CIOs have reported the highest level of budget growth since 2006 as CEOs have shifted their focus away from cost saving to using technology to improve the effectiveness of operations, according to the 2014 Harvey Nash CIO Survey.
Following the credit crunch, cost saving had been overwhelmingly the leading CEO priority between 2009 and 2013, but this has now turned to operational efficiencies with 63% of CEOs now preferring projects that make money, such as digital marketing, customer-oriented systems and innovation projects, to ones that save money.
Now in its sixteenth year and representing the views of more than 3,200 CIOs across more than 30 countries, some 46% experienced increases in their budgets, up from 42% last year and at its highest level since 2006 when 47% saw budget growth.
Harvey Nash chief executive Albert Ellis said: “We are seeing a new spirit of optimism among CIOs. Growing budgets, a shift from cost saving to investment, innovation a key objective, digital transformation and an increasingly strategic role for many CIOs all point to a positive sense of expectation about new opportunities that lie ahead.”
The study also revealed an unchanged figure of CIOs reporting directly to the CEO — 32%, although exactly half of CIOs said they sat on their organisation’s executive committee, down from 54% last year.
In the recent CIO 100, 48% of CIOs reported to their chief executive, and similarly 50% responded they had a seat on the board.
Dr Jonathan Mitchell, the former Rolls-Royce Global CIO now the non-executive chairman of the Harvey Nash CIO Practice, said: “Things are certainly looking up for CIOs and other IT leaders today. More than half of those holding CIO posts have a seat at the top table as genuine members of the executive team.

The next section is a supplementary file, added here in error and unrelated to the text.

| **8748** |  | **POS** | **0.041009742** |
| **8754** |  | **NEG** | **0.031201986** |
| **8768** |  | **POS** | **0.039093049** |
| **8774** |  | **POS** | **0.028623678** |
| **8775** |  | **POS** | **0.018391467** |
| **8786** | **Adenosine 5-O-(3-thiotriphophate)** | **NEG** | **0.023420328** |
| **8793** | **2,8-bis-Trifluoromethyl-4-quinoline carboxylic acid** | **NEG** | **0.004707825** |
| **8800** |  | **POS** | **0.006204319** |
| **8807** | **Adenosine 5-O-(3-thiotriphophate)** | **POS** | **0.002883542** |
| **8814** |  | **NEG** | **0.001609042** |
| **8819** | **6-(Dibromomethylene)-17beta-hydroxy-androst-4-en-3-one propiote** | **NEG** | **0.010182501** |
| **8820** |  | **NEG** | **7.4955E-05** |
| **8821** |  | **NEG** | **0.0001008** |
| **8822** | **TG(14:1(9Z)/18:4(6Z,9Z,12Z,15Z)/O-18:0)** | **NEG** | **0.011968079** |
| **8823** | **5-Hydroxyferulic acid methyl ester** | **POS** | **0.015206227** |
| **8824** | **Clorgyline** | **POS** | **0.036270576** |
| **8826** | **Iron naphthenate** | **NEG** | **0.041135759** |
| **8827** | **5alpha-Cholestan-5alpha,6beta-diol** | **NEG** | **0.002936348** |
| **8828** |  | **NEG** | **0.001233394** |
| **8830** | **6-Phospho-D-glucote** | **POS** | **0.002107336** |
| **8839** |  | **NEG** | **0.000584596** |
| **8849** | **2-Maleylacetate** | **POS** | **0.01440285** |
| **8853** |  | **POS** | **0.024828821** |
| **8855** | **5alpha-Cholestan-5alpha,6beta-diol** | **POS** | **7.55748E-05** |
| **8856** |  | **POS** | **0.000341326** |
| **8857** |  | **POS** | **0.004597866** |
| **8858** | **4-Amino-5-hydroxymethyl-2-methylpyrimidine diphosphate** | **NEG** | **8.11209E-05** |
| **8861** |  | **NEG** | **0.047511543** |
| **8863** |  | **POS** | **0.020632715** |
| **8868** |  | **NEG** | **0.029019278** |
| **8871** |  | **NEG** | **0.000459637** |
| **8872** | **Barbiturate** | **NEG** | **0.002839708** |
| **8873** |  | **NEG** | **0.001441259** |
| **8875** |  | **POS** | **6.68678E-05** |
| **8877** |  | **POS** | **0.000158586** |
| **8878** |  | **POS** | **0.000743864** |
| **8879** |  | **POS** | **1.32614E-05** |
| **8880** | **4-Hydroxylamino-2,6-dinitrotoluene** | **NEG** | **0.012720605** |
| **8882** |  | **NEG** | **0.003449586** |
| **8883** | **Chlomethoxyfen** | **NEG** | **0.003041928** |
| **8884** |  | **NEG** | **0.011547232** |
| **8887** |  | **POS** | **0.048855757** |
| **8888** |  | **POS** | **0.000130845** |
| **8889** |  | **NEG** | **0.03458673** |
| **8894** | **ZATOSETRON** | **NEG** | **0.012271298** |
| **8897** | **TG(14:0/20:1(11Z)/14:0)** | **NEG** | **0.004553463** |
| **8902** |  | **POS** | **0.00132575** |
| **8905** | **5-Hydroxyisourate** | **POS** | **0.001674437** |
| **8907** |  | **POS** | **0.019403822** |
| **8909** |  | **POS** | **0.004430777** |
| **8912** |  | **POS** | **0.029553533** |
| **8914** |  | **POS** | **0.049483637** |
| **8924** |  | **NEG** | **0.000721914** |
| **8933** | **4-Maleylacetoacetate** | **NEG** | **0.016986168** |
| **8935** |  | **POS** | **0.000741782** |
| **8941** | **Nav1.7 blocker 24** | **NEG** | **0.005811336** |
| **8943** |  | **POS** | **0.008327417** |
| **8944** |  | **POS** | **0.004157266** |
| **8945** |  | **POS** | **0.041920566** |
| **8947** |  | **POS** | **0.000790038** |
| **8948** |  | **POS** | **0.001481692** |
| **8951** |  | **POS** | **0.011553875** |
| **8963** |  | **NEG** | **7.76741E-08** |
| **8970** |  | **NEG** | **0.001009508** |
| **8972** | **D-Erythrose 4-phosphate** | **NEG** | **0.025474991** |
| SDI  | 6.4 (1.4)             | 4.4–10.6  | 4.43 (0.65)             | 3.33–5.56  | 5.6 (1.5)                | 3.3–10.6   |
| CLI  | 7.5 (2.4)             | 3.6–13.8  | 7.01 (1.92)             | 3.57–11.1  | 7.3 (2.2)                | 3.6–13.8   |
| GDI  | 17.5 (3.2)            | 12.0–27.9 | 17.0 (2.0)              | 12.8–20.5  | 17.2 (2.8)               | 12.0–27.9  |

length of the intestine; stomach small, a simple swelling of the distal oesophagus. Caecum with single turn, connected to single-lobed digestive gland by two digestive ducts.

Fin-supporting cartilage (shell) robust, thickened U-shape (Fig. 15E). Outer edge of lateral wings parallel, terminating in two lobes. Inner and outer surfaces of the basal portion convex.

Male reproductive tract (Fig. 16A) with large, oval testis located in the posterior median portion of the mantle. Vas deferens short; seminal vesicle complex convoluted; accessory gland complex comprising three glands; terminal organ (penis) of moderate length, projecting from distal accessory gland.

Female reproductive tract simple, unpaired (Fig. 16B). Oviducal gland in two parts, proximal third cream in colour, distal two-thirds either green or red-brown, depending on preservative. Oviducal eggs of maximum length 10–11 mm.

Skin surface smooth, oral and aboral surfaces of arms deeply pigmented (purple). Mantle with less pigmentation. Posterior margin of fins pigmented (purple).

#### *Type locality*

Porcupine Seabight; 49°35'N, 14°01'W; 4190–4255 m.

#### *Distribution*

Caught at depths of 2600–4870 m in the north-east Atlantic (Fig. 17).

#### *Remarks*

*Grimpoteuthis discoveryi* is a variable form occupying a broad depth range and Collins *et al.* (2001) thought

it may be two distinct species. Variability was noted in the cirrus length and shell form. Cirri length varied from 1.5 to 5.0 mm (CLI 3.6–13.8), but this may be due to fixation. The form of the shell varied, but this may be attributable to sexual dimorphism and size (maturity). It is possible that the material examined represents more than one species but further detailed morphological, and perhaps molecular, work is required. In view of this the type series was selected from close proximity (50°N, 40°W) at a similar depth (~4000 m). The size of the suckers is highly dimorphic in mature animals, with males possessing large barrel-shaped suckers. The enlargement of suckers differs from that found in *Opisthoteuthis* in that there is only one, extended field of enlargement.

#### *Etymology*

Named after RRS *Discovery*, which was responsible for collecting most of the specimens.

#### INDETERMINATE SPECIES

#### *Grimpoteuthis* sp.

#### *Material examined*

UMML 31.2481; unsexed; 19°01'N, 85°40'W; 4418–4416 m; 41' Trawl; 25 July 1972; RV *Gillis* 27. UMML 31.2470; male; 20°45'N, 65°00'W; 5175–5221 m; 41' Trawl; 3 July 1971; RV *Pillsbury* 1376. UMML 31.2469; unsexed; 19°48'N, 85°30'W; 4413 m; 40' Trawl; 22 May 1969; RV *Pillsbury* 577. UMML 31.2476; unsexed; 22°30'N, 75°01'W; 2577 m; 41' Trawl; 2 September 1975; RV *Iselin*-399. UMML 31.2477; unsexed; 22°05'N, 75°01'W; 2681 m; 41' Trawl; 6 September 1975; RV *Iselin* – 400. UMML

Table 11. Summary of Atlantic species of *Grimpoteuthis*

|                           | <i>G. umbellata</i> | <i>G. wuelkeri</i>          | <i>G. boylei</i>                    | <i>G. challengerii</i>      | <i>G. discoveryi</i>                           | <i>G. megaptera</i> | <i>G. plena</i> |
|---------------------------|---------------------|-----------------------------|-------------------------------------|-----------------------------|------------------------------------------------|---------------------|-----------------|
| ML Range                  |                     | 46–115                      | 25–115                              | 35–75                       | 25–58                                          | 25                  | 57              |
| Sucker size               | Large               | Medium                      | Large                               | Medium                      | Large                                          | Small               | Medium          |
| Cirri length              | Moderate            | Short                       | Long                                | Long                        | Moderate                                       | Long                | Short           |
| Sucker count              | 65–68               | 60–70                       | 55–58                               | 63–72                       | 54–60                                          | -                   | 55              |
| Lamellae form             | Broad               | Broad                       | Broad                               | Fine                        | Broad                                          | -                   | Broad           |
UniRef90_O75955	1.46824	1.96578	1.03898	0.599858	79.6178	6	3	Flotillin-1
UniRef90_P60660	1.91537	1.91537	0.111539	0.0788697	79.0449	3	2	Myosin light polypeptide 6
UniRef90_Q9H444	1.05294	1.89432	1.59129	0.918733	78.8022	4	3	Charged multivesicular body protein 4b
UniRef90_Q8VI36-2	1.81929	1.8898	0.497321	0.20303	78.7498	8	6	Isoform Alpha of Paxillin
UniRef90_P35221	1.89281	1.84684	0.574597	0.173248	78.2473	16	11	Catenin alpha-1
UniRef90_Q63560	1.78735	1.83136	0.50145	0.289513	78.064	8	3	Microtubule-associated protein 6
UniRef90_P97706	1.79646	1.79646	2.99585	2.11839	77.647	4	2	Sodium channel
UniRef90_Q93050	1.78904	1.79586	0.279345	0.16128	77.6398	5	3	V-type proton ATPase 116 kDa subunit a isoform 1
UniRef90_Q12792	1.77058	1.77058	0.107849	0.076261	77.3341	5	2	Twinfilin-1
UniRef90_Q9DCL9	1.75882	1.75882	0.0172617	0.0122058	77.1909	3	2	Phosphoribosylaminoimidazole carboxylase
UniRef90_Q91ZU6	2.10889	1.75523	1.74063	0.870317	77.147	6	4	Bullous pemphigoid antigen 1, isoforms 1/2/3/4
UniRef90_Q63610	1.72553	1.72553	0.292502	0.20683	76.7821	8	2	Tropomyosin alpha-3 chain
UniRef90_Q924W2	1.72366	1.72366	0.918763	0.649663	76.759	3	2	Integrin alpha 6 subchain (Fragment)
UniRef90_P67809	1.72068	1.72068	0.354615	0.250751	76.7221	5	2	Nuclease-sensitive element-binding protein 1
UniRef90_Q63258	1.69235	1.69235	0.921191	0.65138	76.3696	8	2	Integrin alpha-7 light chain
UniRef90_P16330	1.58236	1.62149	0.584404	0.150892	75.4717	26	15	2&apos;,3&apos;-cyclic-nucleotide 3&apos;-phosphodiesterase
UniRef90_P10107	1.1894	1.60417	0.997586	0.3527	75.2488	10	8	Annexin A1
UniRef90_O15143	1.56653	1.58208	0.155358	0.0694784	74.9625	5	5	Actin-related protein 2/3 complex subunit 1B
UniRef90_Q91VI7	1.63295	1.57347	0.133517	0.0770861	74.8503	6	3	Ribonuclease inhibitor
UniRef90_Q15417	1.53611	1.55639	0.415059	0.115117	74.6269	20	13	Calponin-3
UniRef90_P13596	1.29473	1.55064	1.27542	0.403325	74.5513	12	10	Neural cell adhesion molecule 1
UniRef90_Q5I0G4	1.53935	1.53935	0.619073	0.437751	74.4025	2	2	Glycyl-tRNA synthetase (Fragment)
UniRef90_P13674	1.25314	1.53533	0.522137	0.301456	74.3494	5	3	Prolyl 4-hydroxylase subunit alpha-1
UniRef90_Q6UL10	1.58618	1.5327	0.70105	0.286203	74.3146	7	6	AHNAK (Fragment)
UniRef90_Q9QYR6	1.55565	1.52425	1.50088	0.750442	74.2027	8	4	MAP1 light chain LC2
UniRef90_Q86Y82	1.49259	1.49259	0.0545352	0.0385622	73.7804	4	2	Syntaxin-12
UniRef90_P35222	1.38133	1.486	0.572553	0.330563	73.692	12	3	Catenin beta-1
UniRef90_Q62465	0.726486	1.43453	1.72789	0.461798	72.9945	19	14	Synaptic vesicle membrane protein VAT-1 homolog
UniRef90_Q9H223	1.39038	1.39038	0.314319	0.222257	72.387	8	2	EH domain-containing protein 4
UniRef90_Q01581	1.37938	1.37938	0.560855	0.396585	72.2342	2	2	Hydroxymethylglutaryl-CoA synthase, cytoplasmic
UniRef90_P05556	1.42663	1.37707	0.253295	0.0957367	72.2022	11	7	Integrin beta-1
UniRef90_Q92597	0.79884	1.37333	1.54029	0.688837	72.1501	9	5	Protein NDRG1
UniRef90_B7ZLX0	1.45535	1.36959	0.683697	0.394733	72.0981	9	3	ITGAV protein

“While there was a slight fall in CIO representation at the top table from last year, the general trend is more than 20% higher than in the years before the financial crisis.”
The emergence of the chief digital officer also came through the survey, particularly at large organisations.
With 7% of respondents now employing a CDO, this figure rises to 16% at companies with technology budgets of more than $100 million.
These figures are also not too dissimilar to the CIO, where 12% of organisations reported having a CDO, and another 12% a separate digital leader reporting to the CIO. And while the CDO was more likely to report to the CIO (22%) than the chief marketing officer (16%), four in 10 report to the CEO.
While the CDO role has often been presented as a threat to CIOs, Durham University CIO Carolyn Brown saw it as a positive sign about the perception of technology.
“I’d like to think the increasing number of CIOs who are on the board and the rise of the CDO reflect an acceptance that the CIO is competent to add value — not just run a peripheral service,” she said.
“The up-to-date CIO who grasps what collaboration means is in a unique position to understand how behavioural shifts drive new services, new markets and a new agility in exploiting them.”
When it came to diversity, Harvey Nash reported a decrease in the number of CIOs that are women from already low figures. The figure this year of 7% – the same as the CIO 100 – was down from a global figure of 8% last year. In their 2013 edition of the survey they reported the UK figure as 9%.
Furthermore, some 71% felt that women were under-represented in IT.
While much has been made about CIO career progression, the survey revealed that getting a CEO job was not an aspiration for more than two-thirds of those in a CIO role.
While 32% wanted a post in senior management as the top dog, 45% would prefer another IT role and 6% were looking at becoming an entrepreneur or setting up their own business.
Edward Qualtrough, CIO UK
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